Our Greatest Assets Are Our People…Right?
There’s a lot of talk about how initiatives like Birthright and Hillel successfully engage young people and forge greater self-awareness of their Jewish identities while identifying ways they can contribute to our communities locally, throughout the United States, and in Israel. Given some of the discouraging findings from the recent Pew Research Study, successful initiatives like these and others to come must be supported.
But what about people like me? While I have moments where I feel like a 20-something, my driver’s license keeps reminding me otherwise. As a mid-life Jew, what are my options to reignite my Jewish identity and parlay my private sector experience and skills to benefit our community, here and in Israel? Twenty years ago, the Wexner program opened many doors. I was asked to serve on local boards, co-chaired a federation campaign division, and helped build a new day school. Now, I’ve joined more than 50 other Wexner alums in embarking on an “encore career.”
An “encore career,” meaning a for-pay career in Jewish life after time spent in the private sector, is an exciting option for many Wexner alumni. After all, the program immerses us in Jewish values and thinking while focusing on building foundations for the future. While I remain a lay leader with several organizations, I’ve now turned my primary focus toward making my mark in the nonprofit professional ranks. I was (and still am) excited, rejuvenated, and brimming with ideas that will help the Jewish people and Israel.
This sparks two questions: Is the professional Jewish community ready for folks like us? And, does it recognize and reward the value we bring?
I’m at my core a private sector-trained marketing, sales and brand professional. That’s still my modus operandi the last four years as director for Ohio, Kentucky, Michigan, and Western Pennsylvania at American Friends of Magen David Adom. We’ve had some great successes raising money for Magen David Adom, Israel’s national emergency medical response and blood services organization, through the private sector concepts we’ve applied to our fundraising. My organization rewards risk-taking and empowers its team to pursue innovative means to excel. What a fabulous “encore career” opportunity.
However, I almost never left the private sector. I knew there would be many adjustments needed to switch from the business world to the non-profit one, including salary, yet I was starkly reminded of how little we often invest in our Jewish professionals. Eight years ago, a community leader asked me to consider several development positions. When the discussion turned to levels of compensation, she laughed. My inquiry did not include stock options or equity, rather a salary and benefits package that rewarded the huge risks needed to achieve the stated goals. Recently, I saw this posting: Chief Development Officer needed to drive $40 million budget. Salary: $140,000. Would the private sector only offer $140,000 to their VP of Sales who delivers $40 million?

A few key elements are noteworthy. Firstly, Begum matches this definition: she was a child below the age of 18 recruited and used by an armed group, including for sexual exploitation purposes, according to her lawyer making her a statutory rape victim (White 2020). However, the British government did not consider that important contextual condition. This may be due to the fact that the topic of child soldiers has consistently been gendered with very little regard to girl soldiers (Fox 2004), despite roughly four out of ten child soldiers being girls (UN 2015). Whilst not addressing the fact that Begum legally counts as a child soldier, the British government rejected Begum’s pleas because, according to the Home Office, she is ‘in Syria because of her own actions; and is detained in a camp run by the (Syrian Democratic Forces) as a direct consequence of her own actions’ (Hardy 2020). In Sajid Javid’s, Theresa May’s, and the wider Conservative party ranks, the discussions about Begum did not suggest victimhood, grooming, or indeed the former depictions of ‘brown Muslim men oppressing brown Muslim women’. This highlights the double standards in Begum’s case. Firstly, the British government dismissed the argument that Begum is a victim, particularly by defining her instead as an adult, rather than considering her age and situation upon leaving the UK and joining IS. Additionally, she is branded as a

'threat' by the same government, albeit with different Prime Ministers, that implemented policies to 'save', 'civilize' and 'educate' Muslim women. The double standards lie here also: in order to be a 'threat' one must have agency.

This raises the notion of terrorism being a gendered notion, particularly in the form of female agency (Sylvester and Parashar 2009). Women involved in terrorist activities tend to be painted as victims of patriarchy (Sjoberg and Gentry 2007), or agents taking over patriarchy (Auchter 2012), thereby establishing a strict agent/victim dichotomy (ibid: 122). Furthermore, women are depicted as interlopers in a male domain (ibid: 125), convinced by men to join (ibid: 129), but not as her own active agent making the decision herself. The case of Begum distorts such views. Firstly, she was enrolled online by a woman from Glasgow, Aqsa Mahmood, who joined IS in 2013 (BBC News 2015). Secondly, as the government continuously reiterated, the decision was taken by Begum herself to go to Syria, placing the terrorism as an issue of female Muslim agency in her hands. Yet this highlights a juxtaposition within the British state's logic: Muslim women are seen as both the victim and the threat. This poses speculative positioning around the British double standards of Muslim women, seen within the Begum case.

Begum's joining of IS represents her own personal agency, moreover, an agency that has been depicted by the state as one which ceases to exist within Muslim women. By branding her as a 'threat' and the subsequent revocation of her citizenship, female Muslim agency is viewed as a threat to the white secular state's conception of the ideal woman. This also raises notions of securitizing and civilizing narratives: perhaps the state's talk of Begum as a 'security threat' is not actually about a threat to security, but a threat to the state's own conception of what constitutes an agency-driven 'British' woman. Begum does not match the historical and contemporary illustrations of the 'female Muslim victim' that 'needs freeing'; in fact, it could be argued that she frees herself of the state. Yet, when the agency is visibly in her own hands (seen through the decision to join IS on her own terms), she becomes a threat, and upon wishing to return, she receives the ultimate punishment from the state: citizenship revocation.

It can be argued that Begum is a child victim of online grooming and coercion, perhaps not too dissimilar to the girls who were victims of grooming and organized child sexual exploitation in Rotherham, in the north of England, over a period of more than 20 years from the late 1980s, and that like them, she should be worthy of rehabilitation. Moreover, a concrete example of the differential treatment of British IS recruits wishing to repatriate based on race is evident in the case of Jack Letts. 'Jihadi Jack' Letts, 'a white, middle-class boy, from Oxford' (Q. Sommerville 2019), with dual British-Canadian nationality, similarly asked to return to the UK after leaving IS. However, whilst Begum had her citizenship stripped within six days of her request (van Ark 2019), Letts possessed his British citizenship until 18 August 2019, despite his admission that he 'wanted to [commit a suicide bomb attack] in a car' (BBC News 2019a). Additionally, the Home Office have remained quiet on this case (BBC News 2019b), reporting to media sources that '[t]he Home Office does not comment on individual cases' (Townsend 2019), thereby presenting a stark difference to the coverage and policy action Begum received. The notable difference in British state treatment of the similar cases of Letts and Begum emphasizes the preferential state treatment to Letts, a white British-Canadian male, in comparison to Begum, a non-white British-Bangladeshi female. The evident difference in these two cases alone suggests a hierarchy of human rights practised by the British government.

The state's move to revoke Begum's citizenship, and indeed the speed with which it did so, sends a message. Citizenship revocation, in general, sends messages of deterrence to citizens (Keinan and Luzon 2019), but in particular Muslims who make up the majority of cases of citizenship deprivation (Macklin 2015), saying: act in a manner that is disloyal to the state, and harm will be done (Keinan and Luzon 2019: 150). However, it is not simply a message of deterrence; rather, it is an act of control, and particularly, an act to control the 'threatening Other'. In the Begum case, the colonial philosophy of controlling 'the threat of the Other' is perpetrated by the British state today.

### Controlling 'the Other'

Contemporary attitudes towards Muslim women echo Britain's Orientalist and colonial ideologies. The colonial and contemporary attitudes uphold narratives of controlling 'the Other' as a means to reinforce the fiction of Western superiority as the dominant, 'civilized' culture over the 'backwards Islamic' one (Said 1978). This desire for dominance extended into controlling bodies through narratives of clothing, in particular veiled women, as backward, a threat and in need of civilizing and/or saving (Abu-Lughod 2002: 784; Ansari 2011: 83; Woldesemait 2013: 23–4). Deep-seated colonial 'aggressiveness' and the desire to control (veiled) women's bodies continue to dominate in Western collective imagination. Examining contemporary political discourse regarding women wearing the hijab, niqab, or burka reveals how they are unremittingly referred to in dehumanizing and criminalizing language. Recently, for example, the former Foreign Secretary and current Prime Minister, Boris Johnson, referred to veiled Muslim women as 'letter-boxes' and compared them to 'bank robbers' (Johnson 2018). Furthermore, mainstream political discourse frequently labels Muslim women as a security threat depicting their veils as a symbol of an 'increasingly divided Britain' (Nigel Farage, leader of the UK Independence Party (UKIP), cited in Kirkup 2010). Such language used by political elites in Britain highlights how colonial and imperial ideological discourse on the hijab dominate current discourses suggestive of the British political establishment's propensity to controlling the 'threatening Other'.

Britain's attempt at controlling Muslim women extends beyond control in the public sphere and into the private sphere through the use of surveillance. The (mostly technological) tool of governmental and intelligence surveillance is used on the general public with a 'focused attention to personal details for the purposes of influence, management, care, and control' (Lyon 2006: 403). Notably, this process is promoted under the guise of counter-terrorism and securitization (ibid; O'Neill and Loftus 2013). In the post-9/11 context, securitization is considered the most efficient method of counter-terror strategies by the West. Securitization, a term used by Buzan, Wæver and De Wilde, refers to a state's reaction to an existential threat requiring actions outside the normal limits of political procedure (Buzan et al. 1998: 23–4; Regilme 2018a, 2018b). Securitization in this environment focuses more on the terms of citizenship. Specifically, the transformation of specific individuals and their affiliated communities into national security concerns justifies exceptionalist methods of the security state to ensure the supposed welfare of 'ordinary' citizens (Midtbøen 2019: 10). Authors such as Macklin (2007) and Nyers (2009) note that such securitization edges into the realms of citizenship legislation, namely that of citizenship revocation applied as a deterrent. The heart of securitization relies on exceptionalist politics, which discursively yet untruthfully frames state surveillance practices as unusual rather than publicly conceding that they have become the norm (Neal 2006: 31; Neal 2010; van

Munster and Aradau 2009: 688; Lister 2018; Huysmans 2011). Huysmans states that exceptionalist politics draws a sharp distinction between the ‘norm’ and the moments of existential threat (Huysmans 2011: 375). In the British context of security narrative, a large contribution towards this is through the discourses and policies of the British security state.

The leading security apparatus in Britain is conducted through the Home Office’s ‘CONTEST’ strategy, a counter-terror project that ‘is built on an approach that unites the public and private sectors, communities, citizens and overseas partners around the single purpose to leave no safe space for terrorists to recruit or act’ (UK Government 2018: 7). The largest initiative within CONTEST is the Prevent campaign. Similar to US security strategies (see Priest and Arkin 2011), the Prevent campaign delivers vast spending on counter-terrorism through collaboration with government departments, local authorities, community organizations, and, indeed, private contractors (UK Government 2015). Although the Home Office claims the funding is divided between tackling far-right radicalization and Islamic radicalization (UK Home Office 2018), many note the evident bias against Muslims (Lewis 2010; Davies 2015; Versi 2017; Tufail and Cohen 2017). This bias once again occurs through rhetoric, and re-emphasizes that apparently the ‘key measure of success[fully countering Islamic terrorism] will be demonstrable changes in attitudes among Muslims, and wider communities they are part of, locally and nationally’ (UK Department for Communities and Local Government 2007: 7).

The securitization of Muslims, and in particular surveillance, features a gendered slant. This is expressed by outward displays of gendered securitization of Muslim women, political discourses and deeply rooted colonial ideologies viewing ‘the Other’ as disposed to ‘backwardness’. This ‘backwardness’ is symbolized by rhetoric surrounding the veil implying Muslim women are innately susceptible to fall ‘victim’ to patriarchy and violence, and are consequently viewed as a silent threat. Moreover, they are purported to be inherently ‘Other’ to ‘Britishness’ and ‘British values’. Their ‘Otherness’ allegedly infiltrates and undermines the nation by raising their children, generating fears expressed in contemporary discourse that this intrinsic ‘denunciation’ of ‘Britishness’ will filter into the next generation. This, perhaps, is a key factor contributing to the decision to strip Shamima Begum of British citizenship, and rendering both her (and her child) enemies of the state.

A study by the MetLife Foundation states that the private sector correlates 15-30% of its value as “human capital.” This is certainly seen in the private sector transition from human resource departments to newer models based on “talent acquisition,” “development,” and “retention.” Also from this study:
- Between 2009 and 2016 all non-profits will have 650,000 senior management positions to be filled, and
- Approximately 66% of all executive directors plan to leave their jobs during 2009-2016 and only 13% have succession plans
The good news for Jewish non-profits is that studies show we compensate higher overall than the general community and CEO compensation is on the rise. However, the Pew Research Study and others note these very significant challenges:
- Decreased institutional affiliation
- Greater giving to non-Jewish charities, and
- An environment where talented and passionate professionals below the CEO or most senior levels are often treated as disposable expenses vs. assets to be nurtured and rewarded
Given these hurdles, isn’t it time to re-envision who we want on our team, how to recruit, develop, and retain them, and be ready for these seismic shifts? Recognizing organizations are often facing financial challenges and revenue to expense ratios are highly scrutinized by lay leaders, donors, industry monitoring groups, and more, we, as Wexner alumni, must address the need to actively invest in human talent strategic initiatives, locally and nationally.
Let’s put our brainpower to best use. The consequences of not doing so are enormous.
Cari Margulis Immerman, a Wexner Heritage Alumna from Cleveland I, is currently the Director for Ohio, Kentucky, Michigan and Western Pa. for the American Friends of Magen David Adom. She has extensive experience in the areas of marketing, sales and product launches working with Ford Motor Company, Citicorp, and McDonalds and as the Director of Marketing for Cole Vision Corporation, a $300 million company. She lives in Shaker Heights, Ohio and has served in leadership on several local boards, including the Gross Schechter Day School, and as co-chair of the Jewish Federation of Cleveland’s Annual Campaign-Business Division. Cari can be reached at firstname.lastname@example.org.